World War I in Photos: Technology

When Europe's armies first marched to war in 1914, some were still carrying lances on horseback. By the end of the war, rapid-fire guns, aerial bombardment, armored vehicle attacks, and chemical weapon deployments were commonplace. Any romantic notion of warfare was bluntly shoved aside by the advent of chlorine gas, massive explosive shells that could have been fired from more than 20 miles away, and machine guns that spat out bullets like firehoses. Each side did its best to build on existing technology, or invent new methods, hoping to gain any advantage over the enemy. Massive listening devices gave them ears in the sky, armored vehicles made them impervious to small arms fire, tanks could (most of the time) cruise right over barbed wire and trenches, telephones and heliographs let them speak across vast distances, and airplanes gave them new platforms to rain death on each other from above. New scientific work resulted in more lethal explosives, new tactics made old offensive methods obsolete, and mass-produced killing machines made soldiers both more powerful and more vulnerable. I've gathered photographs of the Great War from dozens of collections, some digitized for the first time, to try to tell the story of the conflict, those caught up in it, and how much it affected the world. This entry is part 3 of a 10-part series on World War I.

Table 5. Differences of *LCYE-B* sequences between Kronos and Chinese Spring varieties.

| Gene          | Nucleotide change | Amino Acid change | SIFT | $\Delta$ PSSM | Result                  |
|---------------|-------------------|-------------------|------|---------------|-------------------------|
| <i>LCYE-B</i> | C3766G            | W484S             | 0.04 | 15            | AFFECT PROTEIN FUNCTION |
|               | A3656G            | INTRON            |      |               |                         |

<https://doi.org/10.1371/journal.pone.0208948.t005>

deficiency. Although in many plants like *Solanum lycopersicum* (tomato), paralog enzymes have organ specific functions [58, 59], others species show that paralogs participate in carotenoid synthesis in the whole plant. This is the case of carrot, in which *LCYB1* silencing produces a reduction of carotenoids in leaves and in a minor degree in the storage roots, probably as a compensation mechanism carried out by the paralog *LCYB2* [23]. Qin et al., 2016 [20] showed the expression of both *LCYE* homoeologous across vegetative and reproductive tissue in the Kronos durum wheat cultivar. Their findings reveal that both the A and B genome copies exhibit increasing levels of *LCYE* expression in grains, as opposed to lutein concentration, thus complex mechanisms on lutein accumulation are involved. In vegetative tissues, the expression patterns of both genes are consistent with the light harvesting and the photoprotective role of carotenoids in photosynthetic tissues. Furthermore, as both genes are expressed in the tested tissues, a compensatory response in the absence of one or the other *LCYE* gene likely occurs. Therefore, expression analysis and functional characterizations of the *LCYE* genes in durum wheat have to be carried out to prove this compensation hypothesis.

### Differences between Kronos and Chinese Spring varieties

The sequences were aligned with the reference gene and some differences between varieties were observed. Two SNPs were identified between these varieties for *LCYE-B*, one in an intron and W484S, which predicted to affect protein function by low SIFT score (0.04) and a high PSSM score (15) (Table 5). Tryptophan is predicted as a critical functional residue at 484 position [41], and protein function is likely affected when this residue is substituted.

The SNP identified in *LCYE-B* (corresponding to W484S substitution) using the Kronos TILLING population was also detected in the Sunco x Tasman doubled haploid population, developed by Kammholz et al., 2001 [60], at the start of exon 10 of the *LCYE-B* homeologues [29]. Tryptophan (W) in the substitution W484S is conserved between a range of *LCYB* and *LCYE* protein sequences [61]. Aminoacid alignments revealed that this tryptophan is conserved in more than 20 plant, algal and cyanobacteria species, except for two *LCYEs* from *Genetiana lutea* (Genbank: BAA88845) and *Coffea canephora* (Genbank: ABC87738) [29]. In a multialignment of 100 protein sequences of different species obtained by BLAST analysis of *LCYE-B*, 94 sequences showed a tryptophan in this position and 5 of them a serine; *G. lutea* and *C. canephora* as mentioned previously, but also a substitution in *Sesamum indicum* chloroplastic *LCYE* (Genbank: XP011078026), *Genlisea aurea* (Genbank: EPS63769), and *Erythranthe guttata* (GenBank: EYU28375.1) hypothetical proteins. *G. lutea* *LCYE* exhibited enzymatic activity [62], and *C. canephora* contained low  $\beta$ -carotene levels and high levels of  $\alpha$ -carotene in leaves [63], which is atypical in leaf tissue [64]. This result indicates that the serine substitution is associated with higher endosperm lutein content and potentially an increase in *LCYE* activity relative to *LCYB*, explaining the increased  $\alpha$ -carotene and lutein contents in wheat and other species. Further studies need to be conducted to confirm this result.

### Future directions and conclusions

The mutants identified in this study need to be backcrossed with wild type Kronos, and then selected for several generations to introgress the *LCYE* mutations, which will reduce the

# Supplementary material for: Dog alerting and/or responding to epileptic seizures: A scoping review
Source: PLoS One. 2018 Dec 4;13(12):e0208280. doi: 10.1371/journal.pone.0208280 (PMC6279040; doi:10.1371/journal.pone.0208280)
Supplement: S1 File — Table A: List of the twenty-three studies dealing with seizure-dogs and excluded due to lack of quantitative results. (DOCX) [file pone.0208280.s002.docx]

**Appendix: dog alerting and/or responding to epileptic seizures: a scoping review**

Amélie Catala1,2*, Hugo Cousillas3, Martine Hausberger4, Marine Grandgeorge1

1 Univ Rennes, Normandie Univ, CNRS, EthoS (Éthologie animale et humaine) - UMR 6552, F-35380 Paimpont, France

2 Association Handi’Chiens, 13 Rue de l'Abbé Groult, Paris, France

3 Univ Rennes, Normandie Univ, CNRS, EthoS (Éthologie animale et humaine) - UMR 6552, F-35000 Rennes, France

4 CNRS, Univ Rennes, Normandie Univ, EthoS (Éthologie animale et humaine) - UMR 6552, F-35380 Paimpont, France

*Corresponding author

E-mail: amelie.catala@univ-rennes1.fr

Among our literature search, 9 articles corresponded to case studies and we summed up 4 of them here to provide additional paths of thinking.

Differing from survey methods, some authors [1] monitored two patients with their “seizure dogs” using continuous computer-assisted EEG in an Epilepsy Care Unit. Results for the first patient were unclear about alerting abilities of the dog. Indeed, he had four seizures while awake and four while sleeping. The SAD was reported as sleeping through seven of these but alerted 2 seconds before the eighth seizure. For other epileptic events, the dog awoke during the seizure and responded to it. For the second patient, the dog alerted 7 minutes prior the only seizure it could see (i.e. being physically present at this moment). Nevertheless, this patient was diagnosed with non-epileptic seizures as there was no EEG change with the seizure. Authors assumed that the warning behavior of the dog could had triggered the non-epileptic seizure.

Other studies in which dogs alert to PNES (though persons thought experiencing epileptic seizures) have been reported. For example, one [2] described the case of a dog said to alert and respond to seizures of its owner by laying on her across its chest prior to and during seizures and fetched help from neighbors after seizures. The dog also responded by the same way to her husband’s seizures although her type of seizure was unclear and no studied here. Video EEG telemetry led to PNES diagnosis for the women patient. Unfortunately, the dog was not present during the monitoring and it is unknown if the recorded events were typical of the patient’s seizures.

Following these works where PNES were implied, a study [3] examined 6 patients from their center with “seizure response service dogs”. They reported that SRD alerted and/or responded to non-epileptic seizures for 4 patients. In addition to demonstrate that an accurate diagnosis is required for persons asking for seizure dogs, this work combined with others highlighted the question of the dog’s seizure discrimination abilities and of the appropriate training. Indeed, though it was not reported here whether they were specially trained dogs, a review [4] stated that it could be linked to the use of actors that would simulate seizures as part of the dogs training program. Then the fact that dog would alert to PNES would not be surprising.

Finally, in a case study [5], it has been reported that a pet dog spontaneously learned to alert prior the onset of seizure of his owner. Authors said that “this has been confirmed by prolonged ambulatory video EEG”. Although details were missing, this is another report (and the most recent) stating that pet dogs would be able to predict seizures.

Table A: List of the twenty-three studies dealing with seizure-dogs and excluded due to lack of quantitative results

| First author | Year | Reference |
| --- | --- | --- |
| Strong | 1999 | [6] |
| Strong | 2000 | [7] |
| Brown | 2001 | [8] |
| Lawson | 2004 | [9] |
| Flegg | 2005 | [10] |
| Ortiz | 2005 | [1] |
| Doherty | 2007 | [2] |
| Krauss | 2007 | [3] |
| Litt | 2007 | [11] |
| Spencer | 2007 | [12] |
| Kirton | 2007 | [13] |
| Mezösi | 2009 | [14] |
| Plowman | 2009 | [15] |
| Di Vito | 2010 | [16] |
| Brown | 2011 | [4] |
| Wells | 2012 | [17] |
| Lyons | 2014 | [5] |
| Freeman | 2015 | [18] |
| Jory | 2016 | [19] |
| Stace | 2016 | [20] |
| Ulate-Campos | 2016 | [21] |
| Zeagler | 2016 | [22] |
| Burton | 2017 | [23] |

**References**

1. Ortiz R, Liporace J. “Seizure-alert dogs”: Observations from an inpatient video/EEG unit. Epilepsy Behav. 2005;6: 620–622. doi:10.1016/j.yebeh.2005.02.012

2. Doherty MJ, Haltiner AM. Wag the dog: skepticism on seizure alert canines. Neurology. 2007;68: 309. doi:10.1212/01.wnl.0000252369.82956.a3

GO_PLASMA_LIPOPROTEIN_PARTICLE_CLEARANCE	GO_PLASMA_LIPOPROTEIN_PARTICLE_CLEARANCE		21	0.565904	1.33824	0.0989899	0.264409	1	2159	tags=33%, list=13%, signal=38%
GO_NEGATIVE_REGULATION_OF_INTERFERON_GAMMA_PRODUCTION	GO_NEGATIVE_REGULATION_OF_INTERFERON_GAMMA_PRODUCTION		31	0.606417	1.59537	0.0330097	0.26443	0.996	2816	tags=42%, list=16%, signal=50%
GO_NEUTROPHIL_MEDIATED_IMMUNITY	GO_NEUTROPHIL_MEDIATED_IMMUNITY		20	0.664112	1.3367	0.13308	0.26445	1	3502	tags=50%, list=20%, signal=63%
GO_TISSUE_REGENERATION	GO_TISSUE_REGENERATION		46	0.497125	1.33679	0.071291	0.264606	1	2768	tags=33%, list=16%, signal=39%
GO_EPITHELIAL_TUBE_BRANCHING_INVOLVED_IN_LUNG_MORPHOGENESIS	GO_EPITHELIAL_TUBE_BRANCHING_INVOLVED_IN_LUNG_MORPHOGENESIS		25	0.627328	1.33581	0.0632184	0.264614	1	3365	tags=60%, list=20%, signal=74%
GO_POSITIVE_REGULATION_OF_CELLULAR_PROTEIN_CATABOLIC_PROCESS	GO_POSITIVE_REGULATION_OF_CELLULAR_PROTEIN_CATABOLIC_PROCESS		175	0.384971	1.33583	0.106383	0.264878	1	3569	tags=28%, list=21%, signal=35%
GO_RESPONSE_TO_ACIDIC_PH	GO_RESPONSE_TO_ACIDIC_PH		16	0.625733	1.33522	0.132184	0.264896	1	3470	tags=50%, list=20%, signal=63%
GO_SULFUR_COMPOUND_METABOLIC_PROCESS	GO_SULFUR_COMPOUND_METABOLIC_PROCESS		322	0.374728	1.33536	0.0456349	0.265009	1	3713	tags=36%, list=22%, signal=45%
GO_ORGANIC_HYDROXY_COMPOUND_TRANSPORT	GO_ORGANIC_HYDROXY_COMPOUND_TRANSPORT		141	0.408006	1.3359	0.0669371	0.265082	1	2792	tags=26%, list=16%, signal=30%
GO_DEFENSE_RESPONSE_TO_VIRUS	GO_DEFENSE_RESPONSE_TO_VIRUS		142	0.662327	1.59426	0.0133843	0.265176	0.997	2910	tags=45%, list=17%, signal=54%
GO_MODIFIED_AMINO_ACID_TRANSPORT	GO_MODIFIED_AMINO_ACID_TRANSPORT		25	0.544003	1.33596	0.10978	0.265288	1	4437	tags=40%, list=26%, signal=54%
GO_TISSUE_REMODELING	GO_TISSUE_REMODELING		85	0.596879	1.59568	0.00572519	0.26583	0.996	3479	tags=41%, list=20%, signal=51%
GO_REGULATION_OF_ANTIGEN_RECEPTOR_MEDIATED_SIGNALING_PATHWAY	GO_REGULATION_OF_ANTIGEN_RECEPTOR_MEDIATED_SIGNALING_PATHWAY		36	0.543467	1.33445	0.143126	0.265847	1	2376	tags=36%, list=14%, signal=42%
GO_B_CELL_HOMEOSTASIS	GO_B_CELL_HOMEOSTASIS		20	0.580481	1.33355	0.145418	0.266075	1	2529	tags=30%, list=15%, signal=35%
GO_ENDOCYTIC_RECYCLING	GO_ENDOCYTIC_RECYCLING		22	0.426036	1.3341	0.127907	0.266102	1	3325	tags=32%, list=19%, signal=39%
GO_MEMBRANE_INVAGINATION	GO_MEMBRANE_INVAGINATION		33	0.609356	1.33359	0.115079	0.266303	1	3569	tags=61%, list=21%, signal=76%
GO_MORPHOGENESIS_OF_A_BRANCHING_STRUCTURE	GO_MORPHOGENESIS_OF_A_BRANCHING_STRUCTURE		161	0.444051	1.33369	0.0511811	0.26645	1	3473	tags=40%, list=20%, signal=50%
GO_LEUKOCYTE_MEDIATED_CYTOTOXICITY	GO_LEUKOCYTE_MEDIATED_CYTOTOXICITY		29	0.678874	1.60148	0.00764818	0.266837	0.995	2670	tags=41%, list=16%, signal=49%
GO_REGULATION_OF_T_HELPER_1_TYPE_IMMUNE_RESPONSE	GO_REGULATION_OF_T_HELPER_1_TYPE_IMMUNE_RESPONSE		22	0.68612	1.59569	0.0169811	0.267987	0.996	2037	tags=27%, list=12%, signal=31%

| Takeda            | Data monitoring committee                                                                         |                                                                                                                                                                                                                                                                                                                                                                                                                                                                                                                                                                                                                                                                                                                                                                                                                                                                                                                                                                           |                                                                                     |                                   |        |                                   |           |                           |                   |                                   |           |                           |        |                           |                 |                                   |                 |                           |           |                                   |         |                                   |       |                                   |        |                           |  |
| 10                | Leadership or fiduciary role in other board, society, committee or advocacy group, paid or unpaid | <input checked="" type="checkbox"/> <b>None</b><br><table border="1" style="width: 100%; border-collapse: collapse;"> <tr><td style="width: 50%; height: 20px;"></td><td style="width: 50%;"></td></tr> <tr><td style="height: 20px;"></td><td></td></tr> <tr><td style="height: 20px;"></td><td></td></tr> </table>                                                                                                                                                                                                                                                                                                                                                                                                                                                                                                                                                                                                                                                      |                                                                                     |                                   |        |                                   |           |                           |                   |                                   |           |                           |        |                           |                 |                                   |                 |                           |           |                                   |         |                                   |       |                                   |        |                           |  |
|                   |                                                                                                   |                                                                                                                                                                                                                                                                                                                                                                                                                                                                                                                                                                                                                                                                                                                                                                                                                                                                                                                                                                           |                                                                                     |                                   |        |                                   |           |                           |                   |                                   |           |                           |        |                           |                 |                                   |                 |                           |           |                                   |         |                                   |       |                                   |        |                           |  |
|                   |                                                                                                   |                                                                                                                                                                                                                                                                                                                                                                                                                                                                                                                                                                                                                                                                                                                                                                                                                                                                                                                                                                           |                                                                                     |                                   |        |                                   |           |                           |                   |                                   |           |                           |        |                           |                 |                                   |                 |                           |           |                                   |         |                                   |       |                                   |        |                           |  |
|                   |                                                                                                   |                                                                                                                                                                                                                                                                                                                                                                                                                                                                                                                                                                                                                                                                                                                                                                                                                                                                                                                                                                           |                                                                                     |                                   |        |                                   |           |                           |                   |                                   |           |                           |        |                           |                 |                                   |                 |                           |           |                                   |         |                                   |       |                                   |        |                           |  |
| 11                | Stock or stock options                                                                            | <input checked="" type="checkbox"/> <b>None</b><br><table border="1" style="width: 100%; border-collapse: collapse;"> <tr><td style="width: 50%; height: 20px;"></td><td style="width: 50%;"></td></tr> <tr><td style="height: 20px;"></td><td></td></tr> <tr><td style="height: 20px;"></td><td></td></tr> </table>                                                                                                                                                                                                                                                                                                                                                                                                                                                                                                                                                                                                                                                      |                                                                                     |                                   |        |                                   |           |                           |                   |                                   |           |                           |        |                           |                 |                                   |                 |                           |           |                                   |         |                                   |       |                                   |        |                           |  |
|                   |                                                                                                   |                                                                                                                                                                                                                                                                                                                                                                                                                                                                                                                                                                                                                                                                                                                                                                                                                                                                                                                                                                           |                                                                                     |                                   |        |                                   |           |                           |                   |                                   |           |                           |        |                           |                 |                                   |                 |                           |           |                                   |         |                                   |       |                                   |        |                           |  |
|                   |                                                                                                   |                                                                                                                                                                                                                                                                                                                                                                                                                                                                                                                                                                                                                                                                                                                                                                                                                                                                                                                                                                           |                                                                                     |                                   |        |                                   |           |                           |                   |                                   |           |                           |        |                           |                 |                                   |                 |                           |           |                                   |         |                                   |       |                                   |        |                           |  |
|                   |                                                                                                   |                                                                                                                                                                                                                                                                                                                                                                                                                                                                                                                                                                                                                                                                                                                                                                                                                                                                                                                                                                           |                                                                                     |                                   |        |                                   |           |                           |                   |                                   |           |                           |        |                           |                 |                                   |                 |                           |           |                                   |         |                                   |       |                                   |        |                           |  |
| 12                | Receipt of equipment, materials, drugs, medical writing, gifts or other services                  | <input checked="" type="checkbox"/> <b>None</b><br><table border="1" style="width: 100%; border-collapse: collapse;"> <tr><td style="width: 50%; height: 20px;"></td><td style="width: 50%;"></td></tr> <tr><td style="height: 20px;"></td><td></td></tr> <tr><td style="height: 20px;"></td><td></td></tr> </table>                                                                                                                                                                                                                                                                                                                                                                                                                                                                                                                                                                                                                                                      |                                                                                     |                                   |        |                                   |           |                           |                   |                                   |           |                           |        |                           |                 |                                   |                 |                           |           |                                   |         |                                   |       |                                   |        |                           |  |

Read more
Hints: View this page full screen. Skip to the next and previous photo by typing j/k or ←/→.

Most Recent

  • Pedro Pardo / AFP / Getty

    Photos from the Mexico-Guatemala Border

    Under pressure from the Trump administration, and its own citizens, the government of Mexican President Obrador is building a response to limit the continued flow of U.S.-bound immigrants across the country’s borders.

  • Bettmann / Getty

    Weird, Wonderful Photos From Another Era

    A grab bag of interesting, seldom-seen historic images depicting myriad people, places, and things—from epic achievements to small moments.

  • Steffen Olsen / Danish Meteorological Institute via Reuters

    Photos of the Week: Kangaroo Boxing, Royal Ascot, Moon Pool

    A hungry polar bear in Russia, Women's World Cup action in France, exuberant Raptors fans in Toronto, a “Protest Against Divisiveness” in New York, aquabike racing in Hungary, and much more.

  • USGS

    Apollo Training: When Arizona Stood In for the Moon

    Arizona’s existing geology, coupled with man-made crater fields, hosted numerous moonlike sites for Apollo astronauts to train.